With a full-utility-function mean-variance optimization, you are not only identifying an (ex-post) mean-variance optimal portfolio under some strong assumptions regarding the iid-ness of your data, but also under the assumption that the asset universe is well represented by its (pairwise) first two moments. This is reconciled by restricting the utility function to be quadratic as well, though. As you then begin to add moments, you introduce additional implicit assumptions regarding the existence and stability of higher moments of the (unobservable) data generating process (DGP).

Let me put it yet differently: Performing statistical tests on some utility-based optimal portfolios could be re-interpreted as some (most probably quite weak) joint test of the assumptions for your DGP i.e. its mean, variance, skew, kurt, higher moments.

2. Comparing across utility functions Say that we have now successfully identified $N$ utility-based optimal portfolios under $N$ different utility functions, say quadratic, cubic, quartic, ... You can then analyse realised utility (or the certainty equivalents), but you cannot compare realised utilities across utility functions. What you can do is to compare the realised utilities of a given utility function, say quadratic, across the portfolios and see which performed best. The real deal is of course to plug your estimated portfolios into the full utility function and compare those, but keep my comments under 1. above in mind.

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  • $\begingroup$ As a comment to your second point: as I have maximized each of the three equations, the portfolio for that equation (MV, MVS or MVSK) will be the max in that equation compared to the other two equations. So for "What you can do is to compare the realised utilities of a given utility function, say quadratic, across the portfolios and see which performed best", the MV portfolio's utility will be higher than the MVS and MVSK portfolios (as this one is maximized for this equation). $\endgroup$ – Jules Dec 1 '20 at 12:39
  • $\begingroup$ Likewise, if we decide to compare utilities of the three portfolios using the third-order Taylor series approximation of the utility function, the MVS portfolio's utility will be higher than the other two. So comparing that way does not make any sense to me. Am i misunderstanding your answer? $\endgroup$ – Jules Dec 1 '20 at 12:39
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    $\begingroup$ Hi Jules, what I am saying is: Plug the portfolios into the utilities. This gives you a ranking (across portfolios) per utility function. Of course, you cannot compare utilities as these are only ordinal, not cardinal. In order to compare utilities you could transform each utility level into a certainty equivalent, though. But: Beware that with quadratic and cubic forms, you may come up with multiple certainty equivalents. $\endgroup$ – Kermittfrog Dec 1 '20 at 12:48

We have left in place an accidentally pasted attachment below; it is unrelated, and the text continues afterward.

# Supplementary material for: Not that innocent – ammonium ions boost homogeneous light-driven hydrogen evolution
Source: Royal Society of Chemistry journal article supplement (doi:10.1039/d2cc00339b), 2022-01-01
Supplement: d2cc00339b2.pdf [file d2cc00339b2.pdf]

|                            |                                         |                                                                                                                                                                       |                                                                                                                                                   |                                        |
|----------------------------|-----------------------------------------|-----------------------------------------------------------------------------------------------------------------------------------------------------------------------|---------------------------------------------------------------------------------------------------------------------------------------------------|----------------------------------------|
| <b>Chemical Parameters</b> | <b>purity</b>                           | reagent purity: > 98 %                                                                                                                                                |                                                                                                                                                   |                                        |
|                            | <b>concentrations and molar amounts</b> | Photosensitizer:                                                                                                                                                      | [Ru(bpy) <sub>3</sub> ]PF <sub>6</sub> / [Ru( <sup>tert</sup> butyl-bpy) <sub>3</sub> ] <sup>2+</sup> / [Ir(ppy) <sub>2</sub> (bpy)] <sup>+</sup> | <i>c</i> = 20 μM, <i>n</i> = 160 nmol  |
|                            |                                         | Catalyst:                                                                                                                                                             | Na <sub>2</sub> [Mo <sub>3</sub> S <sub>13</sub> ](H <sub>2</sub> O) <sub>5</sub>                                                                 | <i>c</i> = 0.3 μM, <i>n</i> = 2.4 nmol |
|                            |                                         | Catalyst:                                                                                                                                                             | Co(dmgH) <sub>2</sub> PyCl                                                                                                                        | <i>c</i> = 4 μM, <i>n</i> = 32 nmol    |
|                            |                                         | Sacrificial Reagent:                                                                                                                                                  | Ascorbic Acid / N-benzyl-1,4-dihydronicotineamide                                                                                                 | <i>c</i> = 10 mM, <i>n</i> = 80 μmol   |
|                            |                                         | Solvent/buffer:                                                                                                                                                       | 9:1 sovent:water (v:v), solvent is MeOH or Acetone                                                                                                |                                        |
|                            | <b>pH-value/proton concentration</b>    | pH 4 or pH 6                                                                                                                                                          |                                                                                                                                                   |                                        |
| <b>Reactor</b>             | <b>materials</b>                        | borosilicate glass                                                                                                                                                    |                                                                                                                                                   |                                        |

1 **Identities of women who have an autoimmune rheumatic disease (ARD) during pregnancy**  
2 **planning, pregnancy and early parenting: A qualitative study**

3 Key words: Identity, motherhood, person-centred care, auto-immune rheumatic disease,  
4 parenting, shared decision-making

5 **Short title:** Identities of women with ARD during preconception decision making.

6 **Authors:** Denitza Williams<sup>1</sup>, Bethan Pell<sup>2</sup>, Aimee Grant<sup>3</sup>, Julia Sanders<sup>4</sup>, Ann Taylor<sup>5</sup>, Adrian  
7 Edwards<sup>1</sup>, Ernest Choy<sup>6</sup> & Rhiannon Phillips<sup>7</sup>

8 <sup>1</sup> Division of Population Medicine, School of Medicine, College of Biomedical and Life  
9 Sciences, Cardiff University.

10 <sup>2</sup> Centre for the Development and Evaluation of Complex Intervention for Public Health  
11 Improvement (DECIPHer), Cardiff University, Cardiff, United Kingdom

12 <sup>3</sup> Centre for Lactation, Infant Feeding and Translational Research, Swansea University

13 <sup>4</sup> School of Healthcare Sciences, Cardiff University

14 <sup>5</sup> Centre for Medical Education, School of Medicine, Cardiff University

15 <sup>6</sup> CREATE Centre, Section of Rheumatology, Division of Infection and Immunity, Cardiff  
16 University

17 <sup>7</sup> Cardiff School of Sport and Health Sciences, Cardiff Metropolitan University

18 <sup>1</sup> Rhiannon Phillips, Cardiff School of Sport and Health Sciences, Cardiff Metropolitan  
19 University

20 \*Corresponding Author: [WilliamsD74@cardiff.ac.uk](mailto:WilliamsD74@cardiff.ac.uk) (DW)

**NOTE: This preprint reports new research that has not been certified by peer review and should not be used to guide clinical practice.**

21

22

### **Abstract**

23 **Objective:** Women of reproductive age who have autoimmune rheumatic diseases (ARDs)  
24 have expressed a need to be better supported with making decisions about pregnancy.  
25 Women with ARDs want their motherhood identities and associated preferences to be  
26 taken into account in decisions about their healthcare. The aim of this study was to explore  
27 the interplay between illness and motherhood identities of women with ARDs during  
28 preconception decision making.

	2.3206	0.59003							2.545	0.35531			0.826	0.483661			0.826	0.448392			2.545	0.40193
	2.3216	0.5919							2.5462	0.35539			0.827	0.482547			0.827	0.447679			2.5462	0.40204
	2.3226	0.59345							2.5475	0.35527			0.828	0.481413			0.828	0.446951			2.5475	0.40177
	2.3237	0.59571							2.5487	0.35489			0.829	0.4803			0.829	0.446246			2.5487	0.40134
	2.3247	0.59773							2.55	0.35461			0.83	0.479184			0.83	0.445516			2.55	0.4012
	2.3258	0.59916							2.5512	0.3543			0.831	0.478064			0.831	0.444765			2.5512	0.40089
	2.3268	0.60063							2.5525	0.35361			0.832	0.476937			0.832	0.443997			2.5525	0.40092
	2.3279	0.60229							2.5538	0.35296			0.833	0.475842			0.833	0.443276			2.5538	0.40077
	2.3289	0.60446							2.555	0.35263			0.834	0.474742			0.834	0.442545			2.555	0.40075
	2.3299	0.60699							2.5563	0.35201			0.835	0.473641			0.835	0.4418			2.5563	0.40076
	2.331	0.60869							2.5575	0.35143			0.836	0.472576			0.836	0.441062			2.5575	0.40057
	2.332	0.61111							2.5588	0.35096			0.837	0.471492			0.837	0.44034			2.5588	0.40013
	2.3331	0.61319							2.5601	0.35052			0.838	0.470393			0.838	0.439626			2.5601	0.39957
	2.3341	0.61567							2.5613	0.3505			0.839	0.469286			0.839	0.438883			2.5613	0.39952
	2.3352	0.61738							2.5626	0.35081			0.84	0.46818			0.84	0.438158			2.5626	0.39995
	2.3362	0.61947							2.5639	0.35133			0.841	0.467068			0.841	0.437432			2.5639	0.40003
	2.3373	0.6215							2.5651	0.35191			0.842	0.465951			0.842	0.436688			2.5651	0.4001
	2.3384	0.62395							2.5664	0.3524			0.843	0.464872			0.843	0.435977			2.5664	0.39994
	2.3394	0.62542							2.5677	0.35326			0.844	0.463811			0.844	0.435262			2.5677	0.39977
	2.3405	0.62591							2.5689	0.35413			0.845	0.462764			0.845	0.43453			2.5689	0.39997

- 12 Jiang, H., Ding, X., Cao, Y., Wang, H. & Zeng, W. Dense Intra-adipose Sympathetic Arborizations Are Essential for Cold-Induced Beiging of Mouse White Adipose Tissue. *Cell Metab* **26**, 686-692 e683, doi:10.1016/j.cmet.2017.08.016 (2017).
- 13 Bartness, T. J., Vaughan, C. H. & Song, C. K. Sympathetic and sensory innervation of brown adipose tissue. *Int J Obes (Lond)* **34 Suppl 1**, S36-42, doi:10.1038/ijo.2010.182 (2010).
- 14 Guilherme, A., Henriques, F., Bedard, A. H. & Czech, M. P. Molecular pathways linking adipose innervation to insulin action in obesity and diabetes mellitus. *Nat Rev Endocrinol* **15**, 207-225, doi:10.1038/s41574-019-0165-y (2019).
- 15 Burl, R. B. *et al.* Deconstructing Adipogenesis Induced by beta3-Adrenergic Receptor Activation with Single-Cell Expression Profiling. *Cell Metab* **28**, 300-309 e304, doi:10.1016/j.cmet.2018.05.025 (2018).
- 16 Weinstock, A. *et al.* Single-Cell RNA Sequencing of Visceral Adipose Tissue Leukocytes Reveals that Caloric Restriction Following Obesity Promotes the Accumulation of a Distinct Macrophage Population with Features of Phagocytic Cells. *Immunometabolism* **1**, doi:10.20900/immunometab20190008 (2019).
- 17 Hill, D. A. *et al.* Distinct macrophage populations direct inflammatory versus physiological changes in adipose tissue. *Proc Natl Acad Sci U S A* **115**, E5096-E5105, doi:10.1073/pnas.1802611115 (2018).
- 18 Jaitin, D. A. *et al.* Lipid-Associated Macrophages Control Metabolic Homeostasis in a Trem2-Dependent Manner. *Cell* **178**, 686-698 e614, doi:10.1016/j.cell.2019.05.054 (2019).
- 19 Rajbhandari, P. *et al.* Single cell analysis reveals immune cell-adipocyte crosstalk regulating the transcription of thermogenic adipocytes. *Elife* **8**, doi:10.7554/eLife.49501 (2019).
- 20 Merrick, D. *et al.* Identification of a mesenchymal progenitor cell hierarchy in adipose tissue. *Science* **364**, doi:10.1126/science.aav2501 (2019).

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    $\begingroup$ Instead of per-utility function, the op needs to decide which performance evaluation criterion he wants to use to put the three models on a level playing ground. Each model will outperform the others for their own respective utility functions by design. A definition of out-performance has to be decided on that can be computed for each model's own portfolio weight vector. Computed doesn't mean optimized. $\endgroup$ – develarist Dec 1 '20 at 15:09
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    $\begingroup$ simply plug the realized return (consumption) into the utility equation, no? If it was quadratic / cubic...then of course you need to compare realised return versus expected return / variance etc. $\endgroup$ – Kermittfrog Dec 1 '20 at 16:10
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If utility is your measure of performance, then it will still be your measure of performance out of sample, since it is what you care about. You can see utility as a measure of the balance between profit and risk, where risk is some combination of variance, skew, kurtosis...

Your wealth is a random variable $X$ that can be described by its moments. First moment is related to the mean, second moment related to variance, third moment related to skew, fourth moment related to kurtosis.

If you do a Taylor expansion of your utility function, and taking expectation, you will see that it can be written in terms of its moments. So the choice of utility function dictates how you look at risk, is it only variance or also higher moments?

In Mean-Variance, you risk is the variance, since skew and kurtosis are all zero (normal distribution assumption). If the distribution is not normal, then a very negative skew might cause extreme losses for you, which you want to avoid, and hence include in your utility. So in Mean-Variance, you ignore any moment higher than 2nd, in Mean-Variance-Skew you ignore moments higher than 3rd, in Mean-Variance-Skew-Kurt you ignore any moments higher than 4th.

Edit: By definition, the portfolio that was found using a cost function that best approximate your utility function will on expectation be best.

So when you evaluate your portfolios OOS, you just plug in the final wealth $\mathcal{U}(W_T) = -e^{\gamma W_T}$ (no need to make it "Taylor-made"). So the problem is now that you only observe a single observation, hence a single utility value. So how can you estimate the expected utility? If you care about monthly utility, then you can obviously split the 1Y into 12 months and get 12 observations. Else, you can do some kind of resampling of the data, see for instance two common resampling procedures But you would also have the same problem with finite samples for your in sample data set, so I am not sure how you solved that?

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  • $\begingroup$ The first sentence is the answer to the op's question of what to do for out-of-sample performance evaluation: "If utility is your measure of performance, then it will still be your measure of performance out of sample, since it is what you care about." The utility function remains unchanged for both the IS or OOS evaluation. All that is different IS vs OOS is that IS data is input into the utility function during IS performance evaluation, whereas OOS data is input into the utility function during OOS performance evaluation. He is overthinking $\endgroup$ – develarist Dec 1 '20 at 17:35